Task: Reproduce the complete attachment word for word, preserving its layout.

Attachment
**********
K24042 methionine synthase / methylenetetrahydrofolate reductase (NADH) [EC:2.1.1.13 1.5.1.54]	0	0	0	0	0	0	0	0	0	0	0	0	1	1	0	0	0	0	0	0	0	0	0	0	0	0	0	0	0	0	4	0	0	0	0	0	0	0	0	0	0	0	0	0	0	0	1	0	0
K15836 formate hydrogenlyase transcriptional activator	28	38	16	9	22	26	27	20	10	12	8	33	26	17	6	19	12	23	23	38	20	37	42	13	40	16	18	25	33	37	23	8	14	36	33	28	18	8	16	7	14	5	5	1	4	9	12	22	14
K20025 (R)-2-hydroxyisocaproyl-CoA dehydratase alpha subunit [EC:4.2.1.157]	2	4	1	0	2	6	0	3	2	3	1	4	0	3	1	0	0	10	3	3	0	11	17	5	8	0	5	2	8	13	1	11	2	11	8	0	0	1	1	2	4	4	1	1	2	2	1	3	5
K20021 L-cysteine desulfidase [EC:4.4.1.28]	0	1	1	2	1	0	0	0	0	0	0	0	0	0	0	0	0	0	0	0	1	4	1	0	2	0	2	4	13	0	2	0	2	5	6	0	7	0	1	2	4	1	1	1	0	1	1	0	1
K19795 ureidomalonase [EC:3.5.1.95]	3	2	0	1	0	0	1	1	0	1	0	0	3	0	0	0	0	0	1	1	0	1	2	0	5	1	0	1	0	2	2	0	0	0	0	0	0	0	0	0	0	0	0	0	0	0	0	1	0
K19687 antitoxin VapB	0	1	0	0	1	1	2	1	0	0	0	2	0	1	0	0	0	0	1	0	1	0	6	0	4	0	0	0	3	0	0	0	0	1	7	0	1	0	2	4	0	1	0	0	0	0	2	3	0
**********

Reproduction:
K24042 methionine synthase / methylenetetrahydrofolate reductase (NADH) [EC:2.1.1.13 1.5.1.54]	0	0	0	0	0	0	0	0	0	0	0	0	1	1	0	0	0	0	0	0	0	0	0	0	0	0	0	0	0	0	4	0	0	0	0	0	0	0	0	0	0	0	0	0	0	0	1	0	0
K15836 formate hydrogenlyase transcriptional activator	28	38	16	9	22	26	27	20	10	12	8	33	26	17	6	19	12	23	23	38	20	37	42	13	40	16	18	25	33	37	23	8	14	36	33	28	18	8	16	7	14	5	5	1	4	9	12	22	14
K20025 (R)-2-hydroxyisocaproyl-CoA dehydratase alpha subunit [EC:4.2.1.157]	2	4	1	0	2	6	0	3	2	3	1	4	0	3	1	0	0	10	3	3	0	11	17	5	8	0	5	2	8	13	1	11	2	11	8	0	0	1	1	2	4	4	1	1	2	2	1	3	5
K20021 L-cysteine desulfidase [EC:4.4.1.28]	0	1	1	2	1	0	0	0	0	0	0	0	0	0	0	0	0	0	0	0	1	4	1	0	2	0	2	4	13	0	2	0	2	5	6	0	7	0	1	2	4	1	1	1	0	1	1	0	1
K19795 ureidomalonase [EC:3.5.1.95]	3	2	0	1	0	0	1	1	0	1	0	0	3	0	0	0	0	0	1	1	0	1	2	0	5	1	0	1	0	2	2	0	0	0	0	0	0	0	0	0	0	0	0	0	0	0	0	1	0
K19687 antitoxin VapB	0	1	0	0	1	1	2	1	0	0	0	2	0	1	0	0	0	0	1	0	1	0	6	0	4	0	0	0	3	0	0	0	0	1	7	0	1	0	2	4	0	1	0	0	0	0	2	3	0